With separations for “special reasons” this is a thing sometimes. Especially when coaches leave the club after a successful season, press departments prefer to use this term to save themselves from trying to explain perhaps more complex reasons. But sometimes private causes are actually private reasons – and they hit everyone involved equally unexpectedly.
Under the leadership of their coach Jan Hensler, the FC Munich women’s hockey team has evolved from a relegation candidate to a serious quarter-finalist within a year. Last weekend, the Munich team defeated top candidate Mannheimer HC in the quarter-finals of the championship at its facility in a decisive match of the final round. It made everyone very proud,” Hensler said.
“Sometimes things change in the private sphere in such a way that distance from the family is not possible.”
Looking at the quality, but above all the league’s financial gap from the northwest to the southeast, it was actually a respectable success. In the second half of the season, MSC already presented itself as competitive against the top teams. He has had seven out of 16 points from his last five out of 16 matches. The fact that Henzeler left MSC after only one season despite such an apparent positive development hit the officials hard. But: Hockey Board member Olaf Mackensen said his request to terminate the contract “unfortunately had to be accepted.”
Hensler also emphasized that it “was not planned”. He started with the goal of starting and accompanying a process in Munich, “I certainly didn’t mean just one year, and it’s very hard to say goodbye.” But hockey – especially on the island of Bavaria – is not something that justifies a complete reorientation of the life plan on its own. Even full-time coaches don’t get rich with their work in the sport, players in the major leagues only officially trade as professionals anyway. “Sometimes things in the private sphere change in such a way that distance from the family is not possible,” said Hensler, who came to Munich from Bonn before the season.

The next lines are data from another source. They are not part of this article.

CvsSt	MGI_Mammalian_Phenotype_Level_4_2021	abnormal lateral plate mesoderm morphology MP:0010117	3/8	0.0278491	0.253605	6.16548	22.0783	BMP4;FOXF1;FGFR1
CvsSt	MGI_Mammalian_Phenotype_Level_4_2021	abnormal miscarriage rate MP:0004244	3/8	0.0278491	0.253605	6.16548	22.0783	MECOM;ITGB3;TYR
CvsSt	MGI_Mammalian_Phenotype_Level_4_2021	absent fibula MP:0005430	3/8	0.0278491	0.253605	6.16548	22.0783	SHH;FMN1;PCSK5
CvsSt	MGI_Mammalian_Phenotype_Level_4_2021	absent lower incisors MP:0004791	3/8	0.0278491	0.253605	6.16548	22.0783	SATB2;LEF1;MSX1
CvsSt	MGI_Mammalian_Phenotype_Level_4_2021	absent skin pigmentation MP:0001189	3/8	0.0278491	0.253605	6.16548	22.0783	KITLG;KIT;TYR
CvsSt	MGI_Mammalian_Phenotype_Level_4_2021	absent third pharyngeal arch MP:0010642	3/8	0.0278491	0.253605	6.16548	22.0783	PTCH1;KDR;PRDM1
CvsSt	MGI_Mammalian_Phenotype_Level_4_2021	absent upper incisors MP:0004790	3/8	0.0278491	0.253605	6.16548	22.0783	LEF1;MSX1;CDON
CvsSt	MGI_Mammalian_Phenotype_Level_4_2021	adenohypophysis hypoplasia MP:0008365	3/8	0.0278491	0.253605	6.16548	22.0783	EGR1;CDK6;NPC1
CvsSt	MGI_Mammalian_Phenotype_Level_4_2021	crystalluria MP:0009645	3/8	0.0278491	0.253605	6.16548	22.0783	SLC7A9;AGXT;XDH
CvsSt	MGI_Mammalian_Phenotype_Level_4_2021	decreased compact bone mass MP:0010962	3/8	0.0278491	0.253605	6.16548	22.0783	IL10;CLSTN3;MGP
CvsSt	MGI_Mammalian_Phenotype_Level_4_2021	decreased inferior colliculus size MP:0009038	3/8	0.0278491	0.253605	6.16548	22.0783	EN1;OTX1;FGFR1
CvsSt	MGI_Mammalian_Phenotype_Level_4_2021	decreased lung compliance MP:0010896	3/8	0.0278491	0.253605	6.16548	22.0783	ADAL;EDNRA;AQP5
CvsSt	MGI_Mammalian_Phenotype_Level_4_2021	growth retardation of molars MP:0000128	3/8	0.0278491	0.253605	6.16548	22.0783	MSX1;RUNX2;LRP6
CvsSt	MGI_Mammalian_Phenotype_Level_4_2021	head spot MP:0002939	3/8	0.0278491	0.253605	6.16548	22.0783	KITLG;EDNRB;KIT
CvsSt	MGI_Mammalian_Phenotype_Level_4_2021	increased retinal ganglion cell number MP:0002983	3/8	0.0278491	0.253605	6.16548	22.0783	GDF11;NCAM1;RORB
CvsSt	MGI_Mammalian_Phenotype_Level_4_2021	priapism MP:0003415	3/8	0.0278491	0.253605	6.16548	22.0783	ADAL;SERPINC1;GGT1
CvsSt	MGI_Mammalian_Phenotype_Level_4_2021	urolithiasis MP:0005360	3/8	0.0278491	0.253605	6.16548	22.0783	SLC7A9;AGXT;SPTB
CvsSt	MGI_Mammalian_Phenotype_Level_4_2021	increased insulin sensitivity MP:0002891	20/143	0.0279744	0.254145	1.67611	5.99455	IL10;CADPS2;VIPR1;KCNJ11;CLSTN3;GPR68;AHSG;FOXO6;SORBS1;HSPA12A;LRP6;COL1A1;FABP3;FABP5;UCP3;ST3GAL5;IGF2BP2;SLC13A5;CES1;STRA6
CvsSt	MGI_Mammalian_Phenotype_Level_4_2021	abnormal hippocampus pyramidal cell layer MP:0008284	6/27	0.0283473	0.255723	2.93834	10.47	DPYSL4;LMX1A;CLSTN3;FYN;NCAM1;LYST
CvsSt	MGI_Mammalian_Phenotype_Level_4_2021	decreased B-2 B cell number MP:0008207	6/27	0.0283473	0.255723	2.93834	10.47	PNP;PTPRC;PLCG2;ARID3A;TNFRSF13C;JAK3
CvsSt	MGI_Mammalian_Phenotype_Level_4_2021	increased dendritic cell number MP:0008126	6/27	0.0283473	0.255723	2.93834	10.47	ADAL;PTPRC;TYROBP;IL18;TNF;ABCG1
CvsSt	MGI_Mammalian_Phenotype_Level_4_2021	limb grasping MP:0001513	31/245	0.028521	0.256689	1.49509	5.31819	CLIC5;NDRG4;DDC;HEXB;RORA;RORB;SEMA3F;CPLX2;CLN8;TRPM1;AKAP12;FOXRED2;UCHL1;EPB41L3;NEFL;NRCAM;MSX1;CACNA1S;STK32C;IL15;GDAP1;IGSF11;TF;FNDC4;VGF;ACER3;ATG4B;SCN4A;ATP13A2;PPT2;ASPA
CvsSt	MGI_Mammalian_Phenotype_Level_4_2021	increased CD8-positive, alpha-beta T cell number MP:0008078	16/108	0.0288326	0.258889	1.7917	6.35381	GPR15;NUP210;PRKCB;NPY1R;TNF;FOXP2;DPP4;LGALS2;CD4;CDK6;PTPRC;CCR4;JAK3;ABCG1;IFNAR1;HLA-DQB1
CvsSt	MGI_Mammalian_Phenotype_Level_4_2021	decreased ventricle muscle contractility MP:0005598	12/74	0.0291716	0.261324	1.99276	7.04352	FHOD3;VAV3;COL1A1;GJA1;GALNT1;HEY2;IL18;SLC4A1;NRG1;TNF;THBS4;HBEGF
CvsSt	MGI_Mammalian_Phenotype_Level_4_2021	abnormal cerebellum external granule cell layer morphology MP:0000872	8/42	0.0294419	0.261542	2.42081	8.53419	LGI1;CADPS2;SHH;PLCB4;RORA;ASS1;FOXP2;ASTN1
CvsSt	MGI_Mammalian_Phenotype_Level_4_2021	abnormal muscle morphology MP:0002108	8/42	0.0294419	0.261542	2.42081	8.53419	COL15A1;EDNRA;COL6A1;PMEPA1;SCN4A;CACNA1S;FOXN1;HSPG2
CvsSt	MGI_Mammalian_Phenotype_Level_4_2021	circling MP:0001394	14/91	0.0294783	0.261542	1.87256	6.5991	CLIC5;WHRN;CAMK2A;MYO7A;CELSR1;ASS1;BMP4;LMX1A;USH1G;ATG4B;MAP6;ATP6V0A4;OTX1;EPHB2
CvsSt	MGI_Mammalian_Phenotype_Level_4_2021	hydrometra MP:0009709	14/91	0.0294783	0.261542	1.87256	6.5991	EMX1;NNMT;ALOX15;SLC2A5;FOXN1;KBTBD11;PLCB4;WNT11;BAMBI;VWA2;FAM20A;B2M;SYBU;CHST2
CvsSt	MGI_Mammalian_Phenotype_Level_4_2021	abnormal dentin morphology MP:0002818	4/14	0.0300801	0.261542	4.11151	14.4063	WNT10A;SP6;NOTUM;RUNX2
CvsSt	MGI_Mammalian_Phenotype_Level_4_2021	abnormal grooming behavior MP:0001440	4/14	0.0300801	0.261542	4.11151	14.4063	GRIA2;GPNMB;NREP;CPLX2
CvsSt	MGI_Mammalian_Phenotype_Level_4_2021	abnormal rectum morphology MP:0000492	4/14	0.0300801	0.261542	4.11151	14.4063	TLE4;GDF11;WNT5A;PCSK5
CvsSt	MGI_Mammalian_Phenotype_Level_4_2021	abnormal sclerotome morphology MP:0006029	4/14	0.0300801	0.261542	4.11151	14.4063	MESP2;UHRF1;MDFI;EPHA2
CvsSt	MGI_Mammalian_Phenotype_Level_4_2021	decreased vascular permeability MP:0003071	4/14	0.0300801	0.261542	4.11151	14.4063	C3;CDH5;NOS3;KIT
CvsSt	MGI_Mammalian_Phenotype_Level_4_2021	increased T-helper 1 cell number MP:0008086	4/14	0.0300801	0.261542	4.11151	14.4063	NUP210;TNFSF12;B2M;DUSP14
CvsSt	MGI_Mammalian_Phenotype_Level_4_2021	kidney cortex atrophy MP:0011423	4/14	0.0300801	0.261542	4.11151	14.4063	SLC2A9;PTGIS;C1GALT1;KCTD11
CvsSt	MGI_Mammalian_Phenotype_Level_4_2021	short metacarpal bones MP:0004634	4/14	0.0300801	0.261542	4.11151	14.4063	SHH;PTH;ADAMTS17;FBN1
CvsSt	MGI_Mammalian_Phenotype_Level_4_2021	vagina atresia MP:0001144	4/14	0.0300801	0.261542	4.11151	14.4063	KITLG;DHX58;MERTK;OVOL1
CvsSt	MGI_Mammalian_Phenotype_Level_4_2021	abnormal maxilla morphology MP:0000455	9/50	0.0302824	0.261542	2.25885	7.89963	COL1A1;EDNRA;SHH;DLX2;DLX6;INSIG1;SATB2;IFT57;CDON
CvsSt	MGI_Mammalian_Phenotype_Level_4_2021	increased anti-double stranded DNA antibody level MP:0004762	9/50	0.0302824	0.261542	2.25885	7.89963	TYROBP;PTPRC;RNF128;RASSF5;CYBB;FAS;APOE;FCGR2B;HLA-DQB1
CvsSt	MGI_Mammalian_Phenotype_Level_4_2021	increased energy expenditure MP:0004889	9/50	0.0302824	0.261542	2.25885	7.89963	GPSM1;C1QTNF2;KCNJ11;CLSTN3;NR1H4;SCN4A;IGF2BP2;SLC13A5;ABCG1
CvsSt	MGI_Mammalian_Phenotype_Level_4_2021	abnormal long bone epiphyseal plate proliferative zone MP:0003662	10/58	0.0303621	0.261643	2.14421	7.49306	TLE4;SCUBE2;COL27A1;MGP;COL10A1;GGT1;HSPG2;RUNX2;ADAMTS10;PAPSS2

Distances should also play an important role in the upcoming search for a successor to the women’s Bundesliga and youth sector. In North Rhine-Westphalia and Hamburg, where the German hockey strongholds with the highest club and intensity of performance are, people leave halfway during outdoor matches in the morning and go home at 6 pm. “It’s not possible in Munich,” Hensler explained. “There’s at least one night in between, and soon it’s 48 hours, on double weekends it’s more.” With the exception of the Alps, Munich is “simply a far cry from almost everything, especially from the nearest hockey club”.
For years, MSC has been trying to offset this drawback with other attractive location factors: cityscapes, good connections with local businesses, club life, and help with college places. But the fact that the intensity of performance in Bavaria’s youth sector is much lower, which in turn leads to fewer first-class teams in an almost no-profit sport, is a structural problem that cannot be resolved in the short term – certainly not as a single site. Symptoms such as a lack of players can be mitigated by working well and communicating with other clubs in the city and in the surrounding area. On the other hand, consequences such as a lack of trainers are a reality that MSC has to live with at the moment.
After all, men and women have increased the sporting appeal of MSC by being promoted to the First Division or remaining in the league. After Nuremberg HTC’s relegation to Feld and Halle, Munich are now the last remaining Bavarian first division team in hockey. Despite all the rivalries, the latter is bad news: it will make Munich an even more isolated island for the time being.